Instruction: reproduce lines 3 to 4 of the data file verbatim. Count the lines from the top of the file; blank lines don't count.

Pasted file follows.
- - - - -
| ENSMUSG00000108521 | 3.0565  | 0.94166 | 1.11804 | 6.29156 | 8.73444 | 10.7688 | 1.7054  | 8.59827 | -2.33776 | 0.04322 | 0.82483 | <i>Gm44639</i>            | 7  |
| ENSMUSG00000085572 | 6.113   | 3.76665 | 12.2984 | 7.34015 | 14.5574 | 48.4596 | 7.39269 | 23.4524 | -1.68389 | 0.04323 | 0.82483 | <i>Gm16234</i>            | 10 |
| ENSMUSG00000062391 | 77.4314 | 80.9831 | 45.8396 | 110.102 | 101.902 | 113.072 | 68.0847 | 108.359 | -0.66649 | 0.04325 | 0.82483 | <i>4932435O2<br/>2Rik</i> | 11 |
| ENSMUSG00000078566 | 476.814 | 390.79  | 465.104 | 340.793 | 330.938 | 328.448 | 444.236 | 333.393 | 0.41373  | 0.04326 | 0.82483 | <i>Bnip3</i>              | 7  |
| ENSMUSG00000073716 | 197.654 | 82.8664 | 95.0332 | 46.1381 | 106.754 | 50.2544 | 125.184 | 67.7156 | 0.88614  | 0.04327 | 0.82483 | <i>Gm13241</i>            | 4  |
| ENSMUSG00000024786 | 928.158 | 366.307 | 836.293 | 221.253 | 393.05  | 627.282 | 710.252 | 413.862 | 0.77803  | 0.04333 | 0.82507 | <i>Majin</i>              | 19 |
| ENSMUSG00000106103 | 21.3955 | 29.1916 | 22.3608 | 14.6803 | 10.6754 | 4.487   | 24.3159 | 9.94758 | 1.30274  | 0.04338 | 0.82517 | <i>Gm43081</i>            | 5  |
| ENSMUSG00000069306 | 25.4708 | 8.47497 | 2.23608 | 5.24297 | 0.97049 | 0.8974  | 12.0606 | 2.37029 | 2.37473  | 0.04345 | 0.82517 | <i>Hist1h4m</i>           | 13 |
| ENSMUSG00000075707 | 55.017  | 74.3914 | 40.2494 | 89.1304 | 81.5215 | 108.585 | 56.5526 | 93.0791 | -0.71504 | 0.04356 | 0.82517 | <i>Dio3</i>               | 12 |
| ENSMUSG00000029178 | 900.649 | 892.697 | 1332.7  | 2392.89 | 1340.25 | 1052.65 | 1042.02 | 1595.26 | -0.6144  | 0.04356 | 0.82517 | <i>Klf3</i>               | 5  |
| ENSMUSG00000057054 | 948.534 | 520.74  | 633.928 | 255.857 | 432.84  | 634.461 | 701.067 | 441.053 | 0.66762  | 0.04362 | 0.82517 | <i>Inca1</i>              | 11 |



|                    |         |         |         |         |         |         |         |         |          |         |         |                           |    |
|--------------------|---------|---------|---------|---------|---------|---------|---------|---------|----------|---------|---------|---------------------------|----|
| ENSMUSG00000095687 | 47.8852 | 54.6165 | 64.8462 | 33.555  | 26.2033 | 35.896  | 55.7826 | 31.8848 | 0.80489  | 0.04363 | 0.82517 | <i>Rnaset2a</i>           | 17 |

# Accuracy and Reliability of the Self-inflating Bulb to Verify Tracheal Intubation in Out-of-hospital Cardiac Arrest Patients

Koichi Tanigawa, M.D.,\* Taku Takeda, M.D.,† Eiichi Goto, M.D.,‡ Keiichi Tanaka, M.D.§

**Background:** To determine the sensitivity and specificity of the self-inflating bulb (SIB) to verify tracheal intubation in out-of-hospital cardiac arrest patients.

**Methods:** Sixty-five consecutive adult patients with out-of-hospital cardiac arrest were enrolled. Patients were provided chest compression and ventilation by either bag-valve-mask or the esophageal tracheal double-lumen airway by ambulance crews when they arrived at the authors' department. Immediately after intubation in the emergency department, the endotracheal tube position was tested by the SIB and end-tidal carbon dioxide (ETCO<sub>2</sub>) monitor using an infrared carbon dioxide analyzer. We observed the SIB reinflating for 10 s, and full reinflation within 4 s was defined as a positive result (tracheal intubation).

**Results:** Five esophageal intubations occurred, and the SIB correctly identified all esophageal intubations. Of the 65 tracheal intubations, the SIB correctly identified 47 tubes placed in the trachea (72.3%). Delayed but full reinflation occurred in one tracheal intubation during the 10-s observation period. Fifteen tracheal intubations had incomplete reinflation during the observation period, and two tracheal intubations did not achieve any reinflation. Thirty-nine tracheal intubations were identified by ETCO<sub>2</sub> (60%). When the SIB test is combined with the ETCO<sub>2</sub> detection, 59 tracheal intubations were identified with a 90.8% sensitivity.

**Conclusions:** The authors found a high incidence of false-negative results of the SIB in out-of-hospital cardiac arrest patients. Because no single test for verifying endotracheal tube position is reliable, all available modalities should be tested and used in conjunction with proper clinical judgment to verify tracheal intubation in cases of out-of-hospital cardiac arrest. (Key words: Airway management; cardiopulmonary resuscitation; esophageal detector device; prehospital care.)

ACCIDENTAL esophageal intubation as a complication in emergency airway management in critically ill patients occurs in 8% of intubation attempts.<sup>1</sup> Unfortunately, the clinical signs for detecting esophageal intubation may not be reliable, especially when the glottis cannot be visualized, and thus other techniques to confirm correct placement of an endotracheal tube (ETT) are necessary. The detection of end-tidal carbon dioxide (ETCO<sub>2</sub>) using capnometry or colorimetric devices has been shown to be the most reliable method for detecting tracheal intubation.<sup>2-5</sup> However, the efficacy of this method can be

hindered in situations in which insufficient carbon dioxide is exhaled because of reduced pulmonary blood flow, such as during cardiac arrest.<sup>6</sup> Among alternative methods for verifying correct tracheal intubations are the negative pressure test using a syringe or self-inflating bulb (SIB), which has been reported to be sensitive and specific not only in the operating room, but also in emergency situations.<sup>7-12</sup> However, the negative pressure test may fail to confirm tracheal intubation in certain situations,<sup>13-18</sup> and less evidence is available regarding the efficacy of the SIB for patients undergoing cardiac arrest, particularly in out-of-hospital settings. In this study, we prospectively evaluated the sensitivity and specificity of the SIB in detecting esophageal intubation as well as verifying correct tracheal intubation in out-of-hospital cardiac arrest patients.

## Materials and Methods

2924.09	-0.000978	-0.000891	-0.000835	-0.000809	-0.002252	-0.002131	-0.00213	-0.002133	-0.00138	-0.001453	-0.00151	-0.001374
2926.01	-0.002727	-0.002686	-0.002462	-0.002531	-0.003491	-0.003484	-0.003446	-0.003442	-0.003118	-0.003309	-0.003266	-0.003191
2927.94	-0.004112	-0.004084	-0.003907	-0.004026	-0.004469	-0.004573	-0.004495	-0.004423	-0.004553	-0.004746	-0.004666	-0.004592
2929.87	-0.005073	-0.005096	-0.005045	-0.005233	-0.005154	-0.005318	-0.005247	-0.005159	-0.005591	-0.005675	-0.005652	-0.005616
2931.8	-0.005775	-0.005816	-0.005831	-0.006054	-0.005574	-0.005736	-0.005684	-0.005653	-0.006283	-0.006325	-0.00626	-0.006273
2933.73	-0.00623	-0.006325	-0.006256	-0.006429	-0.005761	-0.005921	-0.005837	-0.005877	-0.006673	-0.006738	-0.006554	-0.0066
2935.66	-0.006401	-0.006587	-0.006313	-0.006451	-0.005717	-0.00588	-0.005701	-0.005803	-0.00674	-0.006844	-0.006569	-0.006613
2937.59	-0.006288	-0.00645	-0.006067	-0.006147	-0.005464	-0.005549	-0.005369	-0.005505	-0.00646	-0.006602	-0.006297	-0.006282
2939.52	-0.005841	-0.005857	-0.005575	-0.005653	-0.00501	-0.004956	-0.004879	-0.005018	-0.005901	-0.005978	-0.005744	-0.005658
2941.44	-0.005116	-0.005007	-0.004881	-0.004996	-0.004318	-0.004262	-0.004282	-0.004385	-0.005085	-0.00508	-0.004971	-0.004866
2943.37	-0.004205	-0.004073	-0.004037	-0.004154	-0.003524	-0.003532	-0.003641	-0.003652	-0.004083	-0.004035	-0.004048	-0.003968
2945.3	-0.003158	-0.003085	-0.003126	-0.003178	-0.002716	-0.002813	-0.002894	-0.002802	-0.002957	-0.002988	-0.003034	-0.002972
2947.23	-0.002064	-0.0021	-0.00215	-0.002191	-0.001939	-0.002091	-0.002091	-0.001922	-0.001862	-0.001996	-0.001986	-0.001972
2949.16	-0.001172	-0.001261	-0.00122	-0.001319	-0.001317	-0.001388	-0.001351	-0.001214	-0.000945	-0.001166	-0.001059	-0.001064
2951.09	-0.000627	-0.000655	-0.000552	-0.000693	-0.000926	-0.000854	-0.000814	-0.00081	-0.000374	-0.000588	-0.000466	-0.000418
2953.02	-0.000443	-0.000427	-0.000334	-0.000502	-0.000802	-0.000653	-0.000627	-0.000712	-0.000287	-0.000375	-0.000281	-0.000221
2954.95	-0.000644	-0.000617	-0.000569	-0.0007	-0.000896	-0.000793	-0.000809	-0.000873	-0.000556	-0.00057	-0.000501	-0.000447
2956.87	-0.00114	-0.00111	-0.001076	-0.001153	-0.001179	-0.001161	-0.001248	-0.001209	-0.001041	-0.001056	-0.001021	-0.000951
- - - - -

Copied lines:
| ENSMUSG00000062391 | 77.4314 | 80.9831 | 45.8396 | 110.102 | 101.902 | 113.072 | 68.0847 | 108.359 | -0.66649 | 0.04325 | 0.82483 | <i>4932435O2<br/>2Rik</i> | 11 |
| ENSMUSG00000078566 | 476.814 | 390.79  | 465.104 | 340.793 | 330.938 | 328.448 | 444.236 | 333.393 | 0.41373  | 0.04326 | 0.82483 | <i>Bnip3</i>              | 7  |